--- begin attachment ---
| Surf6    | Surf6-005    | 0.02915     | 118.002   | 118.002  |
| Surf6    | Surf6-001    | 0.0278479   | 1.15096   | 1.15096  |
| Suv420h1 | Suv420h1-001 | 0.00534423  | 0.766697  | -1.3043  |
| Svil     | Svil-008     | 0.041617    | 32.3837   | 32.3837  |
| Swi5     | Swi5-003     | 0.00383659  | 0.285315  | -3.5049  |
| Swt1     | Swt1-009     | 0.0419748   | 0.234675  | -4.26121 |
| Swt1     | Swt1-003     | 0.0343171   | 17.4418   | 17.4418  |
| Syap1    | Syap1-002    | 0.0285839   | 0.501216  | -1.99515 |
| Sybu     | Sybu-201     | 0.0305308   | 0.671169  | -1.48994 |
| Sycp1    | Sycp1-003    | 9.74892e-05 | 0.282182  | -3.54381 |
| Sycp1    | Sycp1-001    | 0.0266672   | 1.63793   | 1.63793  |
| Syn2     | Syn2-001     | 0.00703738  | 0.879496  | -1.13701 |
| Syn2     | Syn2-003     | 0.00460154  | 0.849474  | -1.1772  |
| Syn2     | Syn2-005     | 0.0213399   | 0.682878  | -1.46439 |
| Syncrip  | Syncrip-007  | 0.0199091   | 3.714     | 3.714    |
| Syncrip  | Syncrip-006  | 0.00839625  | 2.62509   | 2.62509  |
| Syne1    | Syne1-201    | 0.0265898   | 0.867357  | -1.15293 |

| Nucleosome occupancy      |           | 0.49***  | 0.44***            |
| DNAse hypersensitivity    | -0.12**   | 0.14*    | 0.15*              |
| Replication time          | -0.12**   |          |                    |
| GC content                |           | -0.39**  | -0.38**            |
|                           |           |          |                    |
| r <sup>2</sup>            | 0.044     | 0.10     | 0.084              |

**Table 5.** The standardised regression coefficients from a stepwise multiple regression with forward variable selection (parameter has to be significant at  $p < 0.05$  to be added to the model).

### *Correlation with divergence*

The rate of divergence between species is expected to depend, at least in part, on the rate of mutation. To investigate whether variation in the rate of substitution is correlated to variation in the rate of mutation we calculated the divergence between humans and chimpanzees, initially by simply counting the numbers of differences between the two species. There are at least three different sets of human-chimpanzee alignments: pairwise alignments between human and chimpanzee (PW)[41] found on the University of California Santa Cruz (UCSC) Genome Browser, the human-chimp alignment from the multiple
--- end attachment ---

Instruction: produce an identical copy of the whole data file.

| Surf6    | Surf6-005    | 0.02915     | 118.002   | 118.002  |
| Surf6    | Surf6-001    | 0.0278479   | 1.15096   | 1.15096  |
| Suv420h1 | Suv420h1-001 | 0.00534423  | 0.766697  | -1.3043  |
| Svil     | Svil-008     | 0.041617    | 32.3837   | 32.3837  |
| Swi5     | Swi5-003     | 0.00383659  | 0.285315  | -3.5049  |
| Swt1     | Swt1-009     | 0.0419748   | 0.234675  | -4.26121 |
| Swt1     | Swt1-003     | 0.0343171   | 17.4418   | 17.4418  |
| Syap1    | Syap1-002    | 0.0285839   | 0.501216  | -1.99515 |
| Sybu     | Sybu-201     | 0.0305308   | 0.671169  | -1.48994 |
| Sycp1    | Sycp1-003    | 9.74892e-05 | 0.282182  | -3.54381 |
| Sycp1    | Sycp1-001    | 0.0266672   | 1.63793   | 1.63793  |
| Syn2     | Syn2-001     | 0.00703738  | 0.879496  | -1.13701 |
| Syn2     | Syn2-003     | 0.00460154  | 0.849474  | -1.1772  |
| Syn2     | Syn2-005     | 0.0213399   | 0.682878  | -1.46439 |
| Syncrip  | Syncrip-007  | 0.0199091   | 3.714     | 3.714    |
| Syncrip  | Syncrip-006  | 0.00839625  | 2.62509   | 2.62509  |
| Syne1    | Syne1-201    | 0.0265898   | 0.867357  | -1.15293 |

| Nucleosome occupancy      |           | 0.49***  | 0.44***            |
| DNAse hypersensitivity    | -0.12**   | 0.14*    | 0.15*              |
| Replication time          | -0.12**   |          |                    |
| GC content                |           | -0.39**  | -0.38**            |
|                           |           |          |                    |
| r <sup>2</sup>            | 0.044     | 0.10     | 0.084              |

**Table 5.** The standardised regression coefficients from a stepwise multiple regression with forward variable selection (parameter has to be significant at  $p < 0.05$  to be added to the model).

### *Correlation with divergence*

The rate of divergence between species is expected to depend, at least in part, on the rate of mutation. To investigate whether variation in the rate of substitution is correlated to variation in the rate of mutation we calculated the divergence between humans and chimpanzees, initially by simply counting the numbers of differences between the two species. There are at least three different sets of human-chimpanzee alignments: pairwise alignments between human and chimpanzee (PW)[41] found on the University of California Santa Cruz (UCSC) Genome Browser, the human-chimp alignment from the multiple